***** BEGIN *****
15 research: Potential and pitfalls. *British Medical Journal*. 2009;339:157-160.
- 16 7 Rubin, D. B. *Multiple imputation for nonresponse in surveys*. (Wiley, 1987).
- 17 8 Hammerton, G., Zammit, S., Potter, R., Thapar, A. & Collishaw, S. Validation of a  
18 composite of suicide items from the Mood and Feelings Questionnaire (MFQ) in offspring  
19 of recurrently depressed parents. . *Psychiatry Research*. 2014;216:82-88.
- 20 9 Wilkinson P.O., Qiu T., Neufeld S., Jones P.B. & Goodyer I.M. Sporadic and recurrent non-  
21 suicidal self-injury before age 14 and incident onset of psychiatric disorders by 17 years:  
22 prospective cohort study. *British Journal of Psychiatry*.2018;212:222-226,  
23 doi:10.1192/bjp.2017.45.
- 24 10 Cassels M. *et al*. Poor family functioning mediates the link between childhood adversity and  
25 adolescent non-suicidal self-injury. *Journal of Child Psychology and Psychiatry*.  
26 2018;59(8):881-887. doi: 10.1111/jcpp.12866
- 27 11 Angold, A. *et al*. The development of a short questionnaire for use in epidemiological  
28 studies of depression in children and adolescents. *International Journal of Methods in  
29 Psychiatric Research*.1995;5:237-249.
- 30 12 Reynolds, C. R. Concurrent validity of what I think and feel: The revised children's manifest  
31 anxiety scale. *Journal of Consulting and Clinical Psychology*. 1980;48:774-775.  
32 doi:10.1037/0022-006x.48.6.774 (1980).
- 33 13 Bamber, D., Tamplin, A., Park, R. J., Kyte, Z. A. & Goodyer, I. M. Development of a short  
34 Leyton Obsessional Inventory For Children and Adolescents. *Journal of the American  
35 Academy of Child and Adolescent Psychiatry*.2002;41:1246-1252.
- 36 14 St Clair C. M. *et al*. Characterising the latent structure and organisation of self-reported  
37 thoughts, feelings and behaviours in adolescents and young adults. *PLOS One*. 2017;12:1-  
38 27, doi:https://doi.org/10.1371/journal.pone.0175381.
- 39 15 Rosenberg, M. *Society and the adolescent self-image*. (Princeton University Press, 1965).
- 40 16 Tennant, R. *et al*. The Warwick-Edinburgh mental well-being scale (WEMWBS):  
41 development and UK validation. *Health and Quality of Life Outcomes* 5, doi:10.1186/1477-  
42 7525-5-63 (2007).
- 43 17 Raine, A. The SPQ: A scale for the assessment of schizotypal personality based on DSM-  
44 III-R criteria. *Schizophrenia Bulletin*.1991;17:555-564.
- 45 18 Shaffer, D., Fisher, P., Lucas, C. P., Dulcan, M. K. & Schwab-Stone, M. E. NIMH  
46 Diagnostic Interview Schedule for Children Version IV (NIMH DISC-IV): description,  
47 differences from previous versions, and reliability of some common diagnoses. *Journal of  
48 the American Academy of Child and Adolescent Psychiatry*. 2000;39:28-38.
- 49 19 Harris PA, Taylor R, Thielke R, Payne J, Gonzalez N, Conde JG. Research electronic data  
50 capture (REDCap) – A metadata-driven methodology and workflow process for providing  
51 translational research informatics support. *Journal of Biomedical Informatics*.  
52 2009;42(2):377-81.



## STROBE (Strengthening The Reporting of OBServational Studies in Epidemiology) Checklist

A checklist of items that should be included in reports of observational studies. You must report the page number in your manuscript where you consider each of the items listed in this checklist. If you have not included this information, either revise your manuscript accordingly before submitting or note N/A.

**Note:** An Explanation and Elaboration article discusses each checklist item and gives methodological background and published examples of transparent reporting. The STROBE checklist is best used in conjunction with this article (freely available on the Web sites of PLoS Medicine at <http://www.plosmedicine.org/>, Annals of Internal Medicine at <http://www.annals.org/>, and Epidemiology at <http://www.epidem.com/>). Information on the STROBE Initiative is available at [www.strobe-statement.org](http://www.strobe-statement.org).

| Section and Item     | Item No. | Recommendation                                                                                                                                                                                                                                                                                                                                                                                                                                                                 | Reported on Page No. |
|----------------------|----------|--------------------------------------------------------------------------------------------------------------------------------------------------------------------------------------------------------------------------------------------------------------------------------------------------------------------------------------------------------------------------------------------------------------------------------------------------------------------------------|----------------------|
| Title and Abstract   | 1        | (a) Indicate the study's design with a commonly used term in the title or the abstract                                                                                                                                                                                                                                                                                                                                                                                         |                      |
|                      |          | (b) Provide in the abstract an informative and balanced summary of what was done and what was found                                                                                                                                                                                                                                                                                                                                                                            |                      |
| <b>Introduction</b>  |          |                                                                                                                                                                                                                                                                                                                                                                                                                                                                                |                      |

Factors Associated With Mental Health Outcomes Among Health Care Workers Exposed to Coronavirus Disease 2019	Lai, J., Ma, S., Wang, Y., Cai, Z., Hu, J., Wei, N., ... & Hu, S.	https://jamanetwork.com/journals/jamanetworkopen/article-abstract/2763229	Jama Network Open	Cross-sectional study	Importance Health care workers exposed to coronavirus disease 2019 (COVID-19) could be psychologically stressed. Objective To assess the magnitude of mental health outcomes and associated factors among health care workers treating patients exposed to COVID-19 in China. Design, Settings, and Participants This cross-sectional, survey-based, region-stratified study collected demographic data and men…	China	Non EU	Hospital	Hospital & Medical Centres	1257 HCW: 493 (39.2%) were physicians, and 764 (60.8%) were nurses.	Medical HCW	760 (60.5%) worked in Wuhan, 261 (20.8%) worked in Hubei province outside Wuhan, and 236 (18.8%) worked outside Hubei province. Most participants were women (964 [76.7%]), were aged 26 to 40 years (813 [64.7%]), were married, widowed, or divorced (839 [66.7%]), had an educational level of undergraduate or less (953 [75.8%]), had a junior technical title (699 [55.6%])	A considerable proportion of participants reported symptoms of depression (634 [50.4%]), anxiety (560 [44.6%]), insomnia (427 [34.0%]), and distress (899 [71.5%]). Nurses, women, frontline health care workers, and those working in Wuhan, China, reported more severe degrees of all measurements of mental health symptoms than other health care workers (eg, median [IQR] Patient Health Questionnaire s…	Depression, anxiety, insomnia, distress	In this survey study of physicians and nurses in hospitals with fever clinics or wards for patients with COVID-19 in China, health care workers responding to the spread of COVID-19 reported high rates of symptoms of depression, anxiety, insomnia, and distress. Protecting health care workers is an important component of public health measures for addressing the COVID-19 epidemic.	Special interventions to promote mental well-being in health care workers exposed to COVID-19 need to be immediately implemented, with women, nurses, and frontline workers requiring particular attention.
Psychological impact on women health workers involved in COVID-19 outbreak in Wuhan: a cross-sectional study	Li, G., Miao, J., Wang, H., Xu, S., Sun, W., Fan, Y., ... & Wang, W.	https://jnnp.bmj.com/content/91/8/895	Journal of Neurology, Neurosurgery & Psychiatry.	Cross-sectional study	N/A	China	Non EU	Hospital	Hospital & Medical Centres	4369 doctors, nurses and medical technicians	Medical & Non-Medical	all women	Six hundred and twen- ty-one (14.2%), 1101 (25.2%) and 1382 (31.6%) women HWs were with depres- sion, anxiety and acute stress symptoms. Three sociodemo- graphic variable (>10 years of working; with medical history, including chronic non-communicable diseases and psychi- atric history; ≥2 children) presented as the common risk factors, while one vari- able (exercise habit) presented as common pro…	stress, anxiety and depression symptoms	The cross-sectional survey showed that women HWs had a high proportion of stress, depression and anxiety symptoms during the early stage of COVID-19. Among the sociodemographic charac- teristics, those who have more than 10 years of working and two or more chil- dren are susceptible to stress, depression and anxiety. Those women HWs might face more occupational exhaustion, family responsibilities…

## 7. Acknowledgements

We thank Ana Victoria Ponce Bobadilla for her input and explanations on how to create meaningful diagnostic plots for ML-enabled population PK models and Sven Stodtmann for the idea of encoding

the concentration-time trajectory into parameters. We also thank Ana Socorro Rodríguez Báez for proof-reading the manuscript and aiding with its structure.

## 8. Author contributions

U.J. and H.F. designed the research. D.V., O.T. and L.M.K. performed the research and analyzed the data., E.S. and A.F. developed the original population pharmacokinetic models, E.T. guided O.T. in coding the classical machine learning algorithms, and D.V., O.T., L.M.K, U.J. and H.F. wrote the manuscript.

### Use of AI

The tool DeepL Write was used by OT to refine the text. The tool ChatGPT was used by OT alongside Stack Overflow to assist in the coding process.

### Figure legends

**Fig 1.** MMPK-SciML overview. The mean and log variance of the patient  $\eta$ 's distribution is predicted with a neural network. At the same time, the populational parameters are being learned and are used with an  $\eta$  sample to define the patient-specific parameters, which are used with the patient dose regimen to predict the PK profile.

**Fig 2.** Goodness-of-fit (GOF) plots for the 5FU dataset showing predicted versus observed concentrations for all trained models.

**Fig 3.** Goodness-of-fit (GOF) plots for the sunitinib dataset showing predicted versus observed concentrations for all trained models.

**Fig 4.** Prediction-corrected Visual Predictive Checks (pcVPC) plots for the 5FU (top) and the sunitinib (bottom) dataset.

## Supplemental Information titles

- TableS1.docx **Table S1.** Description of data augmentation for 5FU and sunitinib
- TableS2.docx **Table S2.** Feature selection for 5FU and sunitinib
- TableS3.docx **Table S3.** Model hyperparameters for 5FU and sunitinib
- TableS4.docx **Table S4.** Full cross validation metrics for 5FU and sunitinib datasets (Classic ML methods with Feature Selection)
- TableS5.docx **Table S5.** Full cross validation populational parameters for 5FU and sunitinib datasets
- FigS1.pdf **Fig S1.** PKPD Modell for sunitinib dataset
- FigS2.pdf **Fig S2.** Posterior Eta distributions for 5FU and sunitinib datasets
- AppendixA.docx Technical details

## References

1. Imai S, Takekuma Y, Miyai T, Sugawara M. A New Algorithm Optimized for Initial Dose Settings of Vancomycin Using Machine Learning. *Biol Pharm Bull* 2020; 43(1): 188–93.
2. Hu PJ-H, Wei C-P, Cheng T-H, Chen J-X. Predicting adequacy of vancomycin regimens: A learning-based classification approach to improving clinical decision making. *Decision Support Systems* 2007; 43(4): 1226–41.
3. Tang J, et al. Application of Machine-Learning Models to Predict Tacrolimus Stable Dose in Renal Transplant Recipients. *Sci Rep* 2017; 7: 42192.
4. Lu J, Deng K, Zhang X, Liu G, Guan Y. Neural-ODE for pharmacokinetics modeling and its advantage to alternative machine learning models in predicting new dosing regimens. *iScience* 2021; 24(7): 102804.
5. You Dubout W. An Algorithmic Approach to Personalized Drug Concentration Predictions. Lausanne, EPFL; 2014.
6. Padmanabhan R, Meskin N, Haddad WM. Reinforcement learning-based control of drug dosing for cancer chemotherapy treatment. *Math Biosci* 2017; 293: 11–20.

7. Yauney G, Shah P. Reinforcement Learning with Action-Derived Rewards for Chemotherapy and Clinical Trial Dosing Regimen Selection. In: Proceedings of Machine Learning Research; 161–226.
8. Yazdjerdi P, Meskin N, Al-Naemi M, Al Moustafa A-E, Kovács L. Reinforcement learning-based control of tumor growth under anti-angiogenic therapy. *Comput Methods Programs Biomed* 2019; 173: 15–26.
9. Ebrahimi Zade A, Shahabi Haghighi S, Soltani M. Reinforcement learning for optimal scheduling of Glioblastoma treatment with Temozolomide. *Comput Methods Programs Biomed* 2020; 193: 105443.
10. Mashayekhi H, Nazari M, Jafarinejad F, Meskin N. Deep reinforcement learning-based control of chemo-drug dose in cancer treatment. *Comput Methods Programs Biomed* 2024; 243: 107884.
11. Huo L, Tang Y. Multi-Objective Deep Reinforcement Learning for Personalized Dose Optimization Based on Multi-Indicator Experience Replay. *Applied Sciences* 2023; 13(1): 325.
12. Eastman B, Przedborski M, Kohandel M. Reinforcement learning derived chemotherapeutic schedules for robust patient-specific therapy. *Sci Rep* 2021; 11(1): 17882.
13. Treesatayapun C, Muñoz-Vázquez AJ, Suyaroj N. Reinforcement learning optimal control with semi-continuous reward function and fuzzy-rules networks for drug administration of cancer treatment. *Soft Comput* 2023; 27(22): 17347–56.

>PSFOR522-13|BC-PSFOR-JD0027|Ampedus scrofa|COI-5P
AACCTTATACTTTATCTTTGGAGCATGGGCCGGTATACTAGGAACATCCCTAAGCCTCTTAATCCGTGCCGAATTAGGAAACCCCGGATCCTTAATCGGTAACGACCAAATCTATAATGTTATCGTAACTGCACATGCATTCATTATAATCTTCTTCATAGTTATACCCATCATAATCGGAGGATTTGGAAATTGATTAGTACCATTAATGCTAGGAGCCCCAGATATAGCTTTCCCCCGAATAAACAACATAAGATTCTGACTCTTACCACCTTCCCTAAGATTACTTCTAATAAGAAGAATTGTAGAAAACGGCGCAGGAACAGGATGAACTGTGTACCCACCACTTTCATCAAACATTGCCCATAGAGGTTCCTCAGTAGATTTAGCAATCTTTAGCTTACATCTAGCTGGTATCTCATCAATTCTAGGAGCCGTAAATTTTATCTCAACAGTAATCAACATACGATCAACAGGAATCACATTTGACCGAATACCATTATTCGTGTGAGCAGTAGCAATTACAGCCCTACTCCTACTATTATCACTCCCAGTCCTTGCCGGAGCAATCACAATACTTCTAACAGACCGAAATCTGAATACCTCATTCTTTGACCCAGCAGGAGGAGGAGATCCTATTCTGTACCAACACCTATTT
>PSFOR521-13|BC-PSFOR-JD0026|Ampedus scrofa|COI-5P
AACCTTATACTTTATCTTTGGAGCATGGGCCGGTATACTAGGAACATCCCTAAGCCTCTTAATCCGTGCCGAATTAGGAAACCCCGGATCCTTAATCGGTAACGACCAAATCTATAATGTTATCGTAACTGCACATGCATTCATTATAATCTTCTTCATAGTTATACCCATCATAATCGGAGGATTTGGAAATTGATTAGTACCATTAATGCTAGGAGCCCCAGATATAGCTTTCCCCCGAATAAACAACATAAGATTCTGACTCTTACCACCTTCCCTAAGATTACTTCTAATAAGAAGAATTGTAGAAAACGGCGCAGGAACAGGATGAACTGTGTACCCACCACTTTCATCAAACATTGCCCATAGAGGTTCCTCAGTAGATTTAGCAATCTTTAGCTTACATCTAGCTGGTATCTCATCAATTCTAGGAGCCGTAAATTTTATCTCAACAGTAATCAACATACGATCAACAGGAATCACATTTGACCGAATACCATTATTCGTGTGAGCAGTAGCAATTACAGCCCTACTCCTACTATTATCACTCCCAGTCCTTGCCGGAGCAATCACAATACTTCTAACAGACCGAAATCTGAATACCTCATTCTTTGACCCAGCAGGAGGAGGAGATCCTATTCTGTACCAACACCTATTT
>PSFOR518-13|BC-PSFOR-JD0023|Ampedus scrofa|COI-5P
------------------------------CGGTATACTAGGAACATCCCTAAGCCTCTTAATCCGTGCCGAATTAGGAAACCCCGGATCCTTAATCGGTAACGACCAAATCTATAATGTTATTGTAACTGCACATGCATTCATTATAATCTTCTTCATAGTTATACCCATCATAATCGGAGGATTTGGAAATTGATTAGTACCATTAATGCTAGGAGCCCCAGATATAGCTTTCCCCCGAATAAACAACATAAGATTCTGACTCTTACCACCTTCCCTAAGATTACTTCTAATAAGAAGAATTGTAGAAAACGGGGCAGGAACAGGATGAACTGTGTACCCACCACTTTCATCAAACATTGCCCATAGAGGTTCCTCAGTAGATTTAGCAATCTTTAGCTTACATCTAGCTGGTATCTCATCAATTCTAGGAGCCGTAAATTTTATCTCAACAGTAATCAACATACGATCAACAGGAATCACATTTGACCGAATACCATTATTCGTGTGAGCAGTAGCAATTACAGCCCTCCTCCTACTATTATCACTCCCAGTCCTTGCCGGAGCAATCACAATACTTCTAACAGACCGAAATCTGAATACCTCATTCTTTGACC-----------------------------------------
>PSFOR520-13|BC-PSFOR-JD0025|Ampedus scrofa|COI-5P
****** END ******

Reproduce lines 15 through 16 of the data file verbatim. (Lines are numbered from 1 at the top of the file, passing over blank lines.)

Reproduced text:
29 Psychiatric Research*.1995;5:237-249.
- 30 12 Reynolds, C. R. Concurrent validity of what I think and feel: The revised children's manifest  